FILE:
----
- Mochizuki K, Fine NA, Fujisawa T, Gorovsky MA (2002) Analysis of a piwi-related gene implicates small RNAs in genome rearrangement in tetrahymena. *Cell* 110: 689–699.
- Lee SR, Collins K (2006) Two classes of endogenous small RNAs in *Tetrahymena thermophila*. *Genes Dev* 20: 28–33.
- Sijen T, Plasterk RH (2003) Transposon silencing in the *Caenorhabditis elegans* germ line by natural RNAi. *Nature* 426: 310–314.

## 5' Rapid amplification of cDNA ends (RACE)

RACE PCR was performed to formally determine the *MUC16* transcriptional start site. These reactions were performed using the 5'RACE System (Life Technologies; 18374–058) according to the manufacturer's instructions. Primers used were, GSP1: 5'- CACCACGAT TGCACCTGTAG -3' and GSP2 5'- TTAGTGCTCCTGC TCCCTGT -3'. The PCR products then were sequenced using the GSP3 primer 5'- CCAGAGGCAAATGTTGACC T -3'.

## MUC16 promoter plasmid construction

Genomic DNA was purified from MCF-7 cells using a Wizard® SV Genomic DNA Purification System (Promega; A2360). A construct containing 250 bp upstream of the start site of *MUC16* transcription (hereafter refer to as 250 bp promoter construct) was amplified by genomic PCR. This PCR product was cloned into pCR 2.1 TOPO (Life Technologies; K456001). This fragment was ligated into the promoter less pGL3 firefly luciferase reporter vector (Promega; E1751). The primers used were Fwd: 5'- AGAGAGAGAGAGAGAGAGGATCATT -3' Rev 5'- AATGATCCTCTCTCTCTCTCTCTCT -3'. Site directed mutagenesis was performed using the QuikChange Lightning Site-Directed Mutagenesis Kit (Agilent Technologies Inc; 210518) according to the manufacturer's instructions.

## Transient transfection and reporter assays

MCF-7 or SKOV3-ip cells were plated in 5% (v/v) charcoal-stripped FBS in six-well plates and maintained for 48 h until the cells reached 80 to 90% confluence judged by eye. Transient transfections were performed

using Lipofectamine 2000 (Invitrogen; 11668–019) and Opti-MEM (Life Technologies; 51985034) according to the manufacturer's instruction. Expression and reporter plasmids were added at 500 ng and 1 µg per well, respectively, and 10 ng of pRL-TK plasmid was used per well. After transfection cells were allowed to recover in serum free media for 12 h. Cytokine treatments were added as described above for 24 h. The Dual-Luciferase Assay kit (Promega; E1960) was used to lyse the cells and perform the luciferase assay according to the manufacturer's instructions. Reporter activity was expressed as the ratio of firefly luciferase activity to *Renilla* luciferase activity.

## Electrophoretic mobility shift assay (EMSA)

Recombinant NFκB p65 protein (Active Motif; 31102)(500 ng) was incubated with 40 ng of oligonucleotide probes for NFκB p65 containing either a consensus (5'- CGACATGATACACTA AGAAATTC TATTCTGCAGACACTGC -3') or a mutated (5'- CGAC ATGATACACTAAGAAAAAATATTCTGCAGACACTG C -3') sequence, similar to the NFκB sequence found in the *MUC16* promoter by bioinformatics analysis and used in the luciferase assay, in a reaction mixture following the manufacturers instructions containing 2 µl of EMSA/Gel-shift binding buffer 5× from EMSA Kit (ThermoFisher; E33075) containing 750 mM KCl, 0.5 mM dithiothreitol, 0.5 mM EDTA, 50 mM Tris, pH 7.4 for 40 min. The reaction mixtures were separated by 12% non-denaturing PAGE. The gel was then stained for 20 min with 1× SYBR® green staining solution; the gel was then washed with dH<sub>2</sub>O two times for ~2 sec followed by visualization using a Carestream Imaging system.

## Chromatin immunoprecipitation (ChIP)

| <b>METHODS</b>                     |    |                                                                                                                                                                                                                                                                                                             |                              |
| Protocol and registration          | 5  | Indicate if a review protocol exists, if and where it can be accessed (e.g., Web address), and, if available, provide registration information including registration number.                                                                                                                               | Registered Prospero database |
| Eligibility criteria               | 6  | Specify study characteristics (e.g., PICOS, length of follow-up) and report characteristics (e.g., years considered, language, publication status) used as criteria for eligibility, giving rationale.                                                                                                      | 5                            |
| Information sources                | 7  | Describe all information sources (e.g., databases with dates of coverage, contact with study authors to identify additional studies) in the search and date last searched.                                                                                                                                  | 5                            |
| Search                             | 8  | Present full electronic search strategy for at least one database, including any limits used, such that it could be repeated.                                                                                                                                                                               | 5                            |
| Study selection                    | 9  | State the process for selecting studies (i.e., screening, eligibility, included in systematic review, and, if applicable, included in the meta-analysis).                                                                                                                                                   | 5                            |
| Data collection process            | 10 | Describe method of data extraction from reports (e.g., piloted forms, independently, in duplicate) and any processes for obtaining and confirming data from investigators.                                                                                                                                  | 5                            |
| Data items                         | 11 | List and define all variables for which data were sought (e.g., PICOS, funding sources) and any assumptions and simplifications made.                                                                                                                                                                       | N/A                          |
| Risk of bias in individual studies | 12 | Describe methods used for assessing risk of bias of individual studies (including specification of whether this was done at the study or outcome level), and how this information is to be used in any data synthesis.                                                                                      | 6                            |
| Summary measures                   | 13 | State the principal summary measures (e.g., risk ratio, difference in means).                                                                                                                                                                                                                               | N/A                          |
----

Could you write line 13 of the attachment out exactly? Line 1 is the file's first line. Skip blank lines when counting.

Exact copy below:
## Chromatin immunoprecipitation (ChIP)